ALISON ST. JOHN: Are you seeing a change in the community?

LEE LESCONO: We have children on the streets and living out of cars and motels, and unfortunately this is only a little down as far as homelessness. There has been an uptick recently as well, but has been a problem for us as well for addiction and alcoholism, it almost as big or the fact that women struggle through that. We are seeing more families come to us because of the prolonged economic situation, people have been able to get by with friends or family and now they have to come to someone else for help.

ALISON ST. JOHN: Everyone working in the nonprofit sector, are they seeing the demand for services grow at this time?

LAURA DIETRICK: We've seen an uptick in demand and overall demand is pretty steady. We measure through tracking calls in San Diego. As remained relatively stable over the last couple years. His actually start to decline but we haven't seen the significant. It's great in San Diego we don't see that because we see our beautiful beaches and sunny skies, but feeding America is looking to put out two million pounds of food in December alone and 48% of our kids qualify for free and reduced lunch.

ALISON ST. JOHN: That is a shocking statistic, food, you would never think that San Diego has so much hunger within it. Do you find the people are looking for more concrete evidence of results?

LAURA DIETRICK: For some degree now yes. I put twenty dollars in the kettle at the salvation army, what should I expect for that. Donors are becoming quite sophisticated about that.

ALISON ST. JOHN: Is more about more than getting a tax receipt, what you give donors to show them what you're doing with the money?

LEE LESCONO: It's very important these days. For foundations and individuals they want to know that they've made a difference. The organization such as ours, this is true, sometimes you will not see a lot of the money it except that we have taken someone off the street or given family food for a week, but at the same time we try to keep track if we're giving we trace that around and break the cycle of homelessness and that is no coming that everyone can understand and appreciate that it saves more money in the long run, simply with changing someone who has been addicted, they've been in the system and medical costs are high, if we could show at perceptive of people that have really taken to a new lifestyle, I think people are appreciate this and that there is a difference and

ALISON ST. JOHN: Okay, you're telling us that giving is up from your number of people, other nonprofits that are struggling because they have not been able to keep the donations up? You're talking report about collaboration is a strategy design, are nonprofits doing partnership with each other now?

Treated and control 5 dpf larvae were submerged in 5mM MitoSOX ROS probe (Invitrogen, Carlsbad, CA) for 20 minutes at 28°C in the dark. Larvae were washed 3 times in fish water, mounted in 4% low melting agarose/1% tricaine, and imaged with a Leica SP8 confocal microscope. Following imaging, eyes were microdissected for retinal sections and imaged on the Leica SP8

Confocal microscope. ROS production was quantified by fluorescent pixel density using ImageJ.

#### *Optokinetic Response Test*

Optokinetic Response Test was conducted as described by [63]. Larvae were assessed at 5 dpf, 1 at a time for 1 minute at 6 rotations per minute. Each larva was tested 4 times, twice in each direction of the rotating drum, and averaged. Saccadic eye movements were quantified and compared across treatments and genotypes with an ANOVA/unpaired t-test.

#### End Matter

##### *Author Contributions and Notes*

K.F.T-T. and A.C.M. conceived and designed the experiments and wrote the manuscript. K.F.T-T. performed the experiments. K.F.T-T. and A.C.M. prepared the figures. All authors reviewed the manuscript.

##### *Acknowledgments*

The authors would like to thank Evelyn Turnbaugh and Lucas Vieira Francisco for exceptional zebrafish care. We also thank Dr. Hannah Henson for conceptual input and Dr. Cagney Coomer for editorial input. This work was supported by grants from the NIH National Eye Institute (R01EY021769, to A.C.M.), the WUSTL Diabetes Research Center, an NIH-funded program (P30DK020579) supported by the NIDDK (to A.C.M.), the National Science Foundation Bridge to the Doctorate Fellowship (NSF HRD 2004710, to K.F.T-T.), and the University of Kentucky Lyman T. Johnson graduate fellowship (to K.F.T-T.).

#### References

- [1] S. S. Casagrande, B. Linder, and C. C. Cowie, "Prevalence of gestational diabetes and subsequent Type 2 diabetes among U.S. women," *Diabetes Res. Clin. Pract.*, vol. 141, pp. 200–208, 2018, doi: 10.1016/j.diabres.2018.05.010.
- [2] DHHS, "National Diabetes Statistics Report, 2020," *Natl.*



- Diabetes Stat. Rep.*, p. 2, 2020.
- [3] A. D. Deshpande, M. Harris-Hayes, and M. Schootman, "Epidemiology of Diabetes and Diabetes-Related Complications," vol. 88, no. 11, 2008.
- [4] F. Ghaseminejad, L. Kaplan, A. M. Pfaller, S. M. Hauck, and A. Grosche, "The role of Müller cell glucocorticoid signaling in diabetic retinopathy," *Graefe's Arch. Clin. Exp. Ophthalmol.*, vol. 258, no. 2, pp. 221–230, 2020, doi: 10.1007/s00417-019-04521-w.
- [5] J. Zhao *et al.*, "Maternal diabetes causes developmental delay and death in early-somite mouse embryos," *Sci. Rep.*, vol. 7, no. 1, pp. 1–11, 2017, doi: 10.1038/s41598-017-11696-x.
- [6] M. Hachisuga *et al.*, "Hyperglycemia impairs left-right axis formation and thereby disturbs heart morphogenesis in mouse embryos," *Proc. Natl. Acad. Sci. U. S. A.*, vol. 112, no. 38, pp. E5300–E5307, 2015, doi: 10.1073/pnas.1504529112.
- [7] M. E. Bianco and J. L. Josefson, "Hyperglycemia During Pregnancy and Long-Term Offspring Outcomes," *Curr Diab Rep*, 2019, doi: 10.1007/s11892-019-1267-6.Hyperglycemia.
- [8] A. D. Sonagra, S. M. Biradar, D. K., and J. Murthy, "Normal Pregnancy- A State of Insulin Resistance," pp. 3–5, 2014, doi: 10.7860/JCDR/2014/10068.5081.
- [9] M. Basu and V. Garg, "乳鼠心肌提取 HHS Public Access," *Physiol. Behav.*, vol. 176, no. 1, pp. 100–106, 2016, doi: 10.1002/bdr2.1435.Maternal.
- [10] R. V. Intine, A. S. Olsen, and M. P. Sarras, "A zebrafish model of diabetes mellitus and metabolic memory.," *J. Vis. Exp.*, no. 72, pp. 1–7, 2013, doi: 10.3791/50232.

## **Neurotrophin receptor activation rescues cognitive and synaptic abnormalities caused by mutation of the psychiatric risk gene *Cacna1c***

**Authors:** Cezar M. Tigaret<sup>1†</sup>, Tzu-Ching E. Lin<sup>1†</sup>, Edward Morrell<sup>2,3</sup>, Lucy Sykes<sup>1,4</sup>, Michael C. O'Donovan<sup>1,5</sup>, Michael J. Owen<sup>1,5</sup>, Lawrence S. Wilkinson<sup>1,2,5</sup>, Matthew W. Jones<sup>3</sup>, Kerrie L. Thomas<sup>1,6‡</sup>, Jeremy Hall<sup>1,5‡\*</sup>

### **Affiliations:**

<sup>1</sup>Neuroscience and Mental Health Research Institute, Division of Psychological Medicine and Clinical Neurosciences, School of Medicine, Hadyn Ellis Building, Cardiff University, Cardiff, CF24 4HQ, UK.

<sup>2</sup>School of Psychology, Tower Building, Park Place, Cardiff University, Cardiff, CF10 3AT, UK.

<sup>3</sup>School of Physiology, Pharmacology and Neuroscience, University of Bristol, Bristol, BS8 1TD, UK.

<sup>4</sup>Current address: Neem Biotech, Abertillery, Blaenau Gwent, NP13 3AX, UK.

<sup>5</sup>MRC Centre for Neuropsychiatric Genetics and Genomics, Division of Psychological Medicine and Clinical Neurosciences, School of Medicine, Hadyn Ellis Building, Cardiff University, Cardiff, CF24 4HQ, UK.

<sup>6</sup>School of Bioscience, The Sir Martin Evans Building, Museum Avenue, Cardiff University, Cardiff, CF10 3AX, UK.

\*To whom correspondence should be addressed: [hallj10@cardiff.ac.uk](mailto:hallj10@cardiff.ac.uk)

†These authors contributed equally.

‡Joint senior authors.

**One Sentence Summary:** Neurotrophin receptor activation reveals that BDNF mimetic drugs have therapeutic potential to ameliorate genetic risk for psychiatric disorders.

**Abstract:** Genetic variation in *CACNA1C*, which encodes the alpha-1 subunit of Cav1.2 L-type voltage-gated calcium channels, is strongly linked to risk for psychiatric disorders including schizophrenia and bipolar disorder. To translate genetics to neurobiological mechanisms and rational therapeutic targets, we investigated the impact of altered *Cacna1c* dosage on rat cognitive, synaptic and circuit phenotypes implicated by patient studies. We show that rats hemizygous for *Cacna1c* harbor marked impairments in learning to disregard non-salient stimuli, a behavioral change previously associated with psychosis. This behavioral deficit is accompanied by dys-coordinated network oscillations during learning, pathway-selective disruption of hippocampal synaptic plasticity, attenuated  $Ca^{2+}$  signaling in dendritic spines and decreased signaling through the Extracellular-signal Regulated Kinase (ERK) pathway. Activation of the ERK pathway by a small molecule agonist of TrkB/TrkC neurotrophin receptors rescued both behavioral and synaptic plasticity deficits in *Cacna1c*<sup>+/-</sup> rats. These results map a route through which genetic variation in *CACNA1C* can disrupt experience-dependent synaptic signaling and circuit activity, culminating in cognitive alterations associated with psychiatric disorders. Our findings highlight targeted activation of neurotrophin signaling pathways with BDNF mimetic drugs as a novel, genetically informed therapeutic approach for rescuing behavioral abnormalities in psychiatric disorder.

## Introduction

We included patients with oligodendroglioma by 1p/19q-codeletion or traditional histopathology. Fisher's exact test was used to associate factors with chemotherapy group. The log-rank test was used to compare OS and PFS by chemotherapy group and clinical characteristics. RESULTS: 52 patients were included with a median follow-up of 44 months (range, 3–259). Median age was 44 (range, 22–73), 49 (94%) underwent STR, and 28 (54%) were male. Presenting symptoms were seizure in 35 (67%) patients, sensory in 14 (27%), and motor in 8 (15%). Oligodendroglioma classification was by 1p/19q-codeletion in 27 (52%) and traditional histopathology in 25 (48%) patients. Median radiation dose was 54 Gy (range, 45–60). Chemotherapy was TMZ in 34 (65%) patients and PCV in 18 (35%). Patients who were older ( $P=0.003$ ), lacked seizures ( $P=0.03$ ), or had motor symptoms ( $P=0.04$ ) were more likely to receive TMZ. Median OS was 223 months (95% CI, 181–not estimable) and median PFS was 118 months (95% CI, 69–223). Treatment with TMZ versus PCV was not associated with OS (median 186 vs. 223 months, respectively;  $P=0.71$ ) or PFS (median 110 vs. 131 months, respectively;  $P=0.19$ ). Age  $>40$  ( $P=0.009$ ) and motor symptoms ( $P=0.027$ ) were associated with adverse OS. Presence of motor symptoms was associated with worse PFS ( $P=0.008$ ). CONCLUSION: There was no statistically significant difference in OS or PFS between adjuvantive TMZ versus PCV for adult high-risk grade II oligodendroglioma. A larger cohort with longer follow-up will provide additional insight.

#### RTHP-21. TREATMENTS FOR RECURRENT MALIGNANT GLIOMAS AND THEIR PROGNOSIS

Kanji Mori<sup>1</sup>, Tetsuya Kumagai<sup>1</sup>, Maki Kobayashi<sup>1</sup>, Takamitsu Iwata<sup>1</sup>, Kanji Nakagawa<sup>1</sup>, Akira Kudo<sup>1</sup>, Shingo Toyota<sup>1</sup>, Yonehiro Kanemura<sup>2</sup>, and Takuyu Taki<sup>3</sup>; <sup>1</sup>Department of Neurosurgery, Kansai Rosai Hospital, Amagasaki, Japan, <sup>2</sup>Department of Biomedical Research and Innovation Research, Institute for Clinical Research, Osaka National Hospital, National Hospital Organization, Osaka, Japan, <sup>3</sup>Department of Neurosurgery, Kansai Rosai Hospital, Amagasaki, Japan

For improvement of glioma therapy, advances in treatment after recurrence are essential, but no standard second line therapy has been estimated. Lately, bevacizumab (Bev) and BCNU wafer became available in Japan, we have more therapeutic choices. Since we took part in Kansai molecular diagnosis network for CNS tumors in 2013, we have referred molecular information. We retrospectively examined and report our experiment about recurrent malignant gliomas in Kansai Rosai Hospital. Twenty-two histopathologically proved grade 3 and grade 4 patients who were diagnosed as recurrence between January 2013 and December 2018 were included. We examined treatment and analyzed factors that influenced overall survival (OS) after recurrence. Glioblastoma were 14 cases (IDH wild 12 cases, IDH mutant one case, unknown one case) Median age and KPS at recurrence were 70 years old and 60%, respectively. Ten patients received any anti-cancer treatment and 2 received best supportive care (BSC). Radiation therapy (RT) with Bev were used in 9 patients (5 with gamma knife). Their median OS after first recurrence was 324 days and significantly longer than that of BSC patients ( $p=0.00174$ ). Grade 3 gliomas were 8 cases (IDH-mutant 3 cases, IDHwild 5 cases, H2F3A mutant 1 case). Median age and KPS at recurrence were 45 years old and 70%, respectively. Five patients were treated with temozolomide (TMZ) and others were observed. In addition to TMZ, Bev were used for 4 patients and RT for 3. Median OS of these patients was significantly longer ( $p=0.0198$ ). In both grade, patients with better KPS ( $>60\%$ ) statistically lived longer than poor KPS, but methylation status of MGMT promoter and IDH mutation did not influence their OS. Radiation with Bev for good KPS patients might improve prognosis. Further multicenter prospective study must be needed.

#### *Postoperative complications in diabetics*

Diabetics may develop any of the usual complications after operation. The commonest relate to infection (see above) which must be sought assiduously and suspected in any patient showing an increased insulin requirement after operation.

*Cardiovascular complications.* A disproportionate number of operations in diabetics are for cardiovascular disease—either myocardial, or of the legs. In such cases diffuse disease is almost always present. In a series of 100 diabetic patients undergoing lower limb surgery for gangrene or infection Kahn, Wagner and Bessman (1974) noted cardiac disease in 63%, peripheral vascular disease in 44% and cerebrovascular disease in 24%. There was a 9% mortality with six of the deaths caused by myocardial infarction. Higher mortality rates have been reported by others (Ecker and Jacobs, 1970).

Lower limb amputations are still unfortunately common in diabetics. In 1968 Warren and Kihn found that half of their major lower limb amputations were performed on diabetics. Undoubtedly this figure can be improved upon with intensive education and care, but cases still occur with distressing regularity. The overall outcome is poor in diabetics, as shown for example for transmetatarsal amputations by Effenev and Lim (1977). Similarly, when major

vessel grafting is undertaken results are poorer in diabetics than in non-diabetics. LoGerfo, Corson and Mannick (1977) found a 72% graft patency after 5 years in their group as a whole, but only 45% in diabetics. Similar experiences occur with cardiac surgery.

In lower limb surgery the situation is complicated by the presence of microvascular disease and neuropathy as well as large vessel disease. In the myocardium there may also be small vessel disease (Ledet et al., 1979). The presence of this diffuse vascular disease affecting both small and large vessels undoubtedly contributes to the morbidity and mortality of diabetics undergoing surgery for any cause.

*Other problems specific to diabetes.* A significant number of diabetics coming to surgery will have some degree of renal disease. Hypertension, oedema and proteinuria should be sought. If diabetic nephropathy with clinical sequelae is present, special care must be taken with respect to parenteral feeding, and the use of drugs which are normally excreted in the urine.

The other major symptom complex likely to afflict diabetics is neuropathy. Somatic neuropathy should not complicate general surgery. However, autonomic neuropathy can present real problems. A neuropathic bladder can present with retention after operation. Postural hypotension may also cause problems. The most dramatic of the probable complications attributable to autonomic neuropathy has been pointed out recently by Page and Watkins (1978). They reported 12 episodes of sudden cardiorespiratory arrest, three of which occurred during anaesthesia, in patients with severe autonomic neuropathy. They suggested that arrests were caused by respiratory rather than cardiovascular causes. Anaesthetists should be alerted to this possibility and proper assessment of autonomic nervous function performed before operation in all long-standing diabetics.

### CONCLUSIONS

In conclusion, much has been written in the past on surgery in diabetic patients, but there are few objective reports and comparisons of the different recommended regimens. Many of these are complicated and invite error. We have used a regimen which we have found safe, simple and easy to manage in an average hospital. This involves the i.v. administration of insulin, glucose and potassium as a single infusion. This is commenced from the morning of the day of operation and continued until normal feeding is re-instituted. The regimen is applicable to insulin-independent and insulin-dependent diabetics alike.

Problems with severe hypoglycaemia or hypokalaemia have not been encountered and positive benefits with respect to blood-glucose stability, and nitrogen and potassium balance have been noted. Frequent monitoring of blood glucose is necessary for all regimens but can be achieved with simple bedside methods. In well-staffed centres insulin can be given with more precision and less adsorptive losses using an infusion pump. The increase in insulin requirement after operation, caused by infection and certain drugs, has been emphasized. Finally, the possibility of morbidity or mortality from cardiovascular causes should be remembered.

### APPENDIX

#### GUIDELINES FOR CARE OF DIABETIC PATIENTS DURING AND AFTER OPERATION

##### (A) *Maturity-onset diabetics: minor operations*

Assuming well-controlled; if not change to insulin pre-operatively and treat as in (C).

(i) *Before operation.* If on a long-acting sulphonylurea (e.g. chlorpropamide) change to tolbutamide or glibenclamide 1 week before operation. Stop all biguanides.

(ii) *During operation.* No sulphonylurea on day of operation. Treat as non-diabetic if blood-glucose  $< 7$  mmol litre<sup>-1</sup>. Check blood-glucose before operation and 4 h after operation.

LAURA DIETRICK: We're talking about emerging from the resection. Nonprofits will continue to battle some of this related to household income and property and so essentially, there have been many tactics developed to survive in the recession and has corporations and nonprofits alike, some of those have been around merging in some of them have been around a lot more collaboration thinking outside of the box for lack of a better term around how can we put our services together

LEE LESCONO: It's been a good great conferences. The agenda planning committee leaders and this is exactly what they have stressed is even though we are a large organization, we need hundreds as well. To help others and to strengthen what we can do. We're seeing that and we're starting to work with coalitions and collaborations on both fronts. It's very important.

ALISON ST. JOHN: Tell us a little bit about the Institute at USD. It is such an interesting Institute for nonprofit research.

LAURA DIETRICK: We have wonderful Institute and what we do essentially has come from master's degrees in nonprofit management leadership and we have the Castro research center which I'm the director of, we do a lot of community education we have fantastic governments symposium, anyone on the board of directors is willing to come to our seminar, we do a lot of community education.

ALISON ST. JOHN: Thank you so much for coming in. Today is about giving and receiving and this is a lot of good opportunities for giving.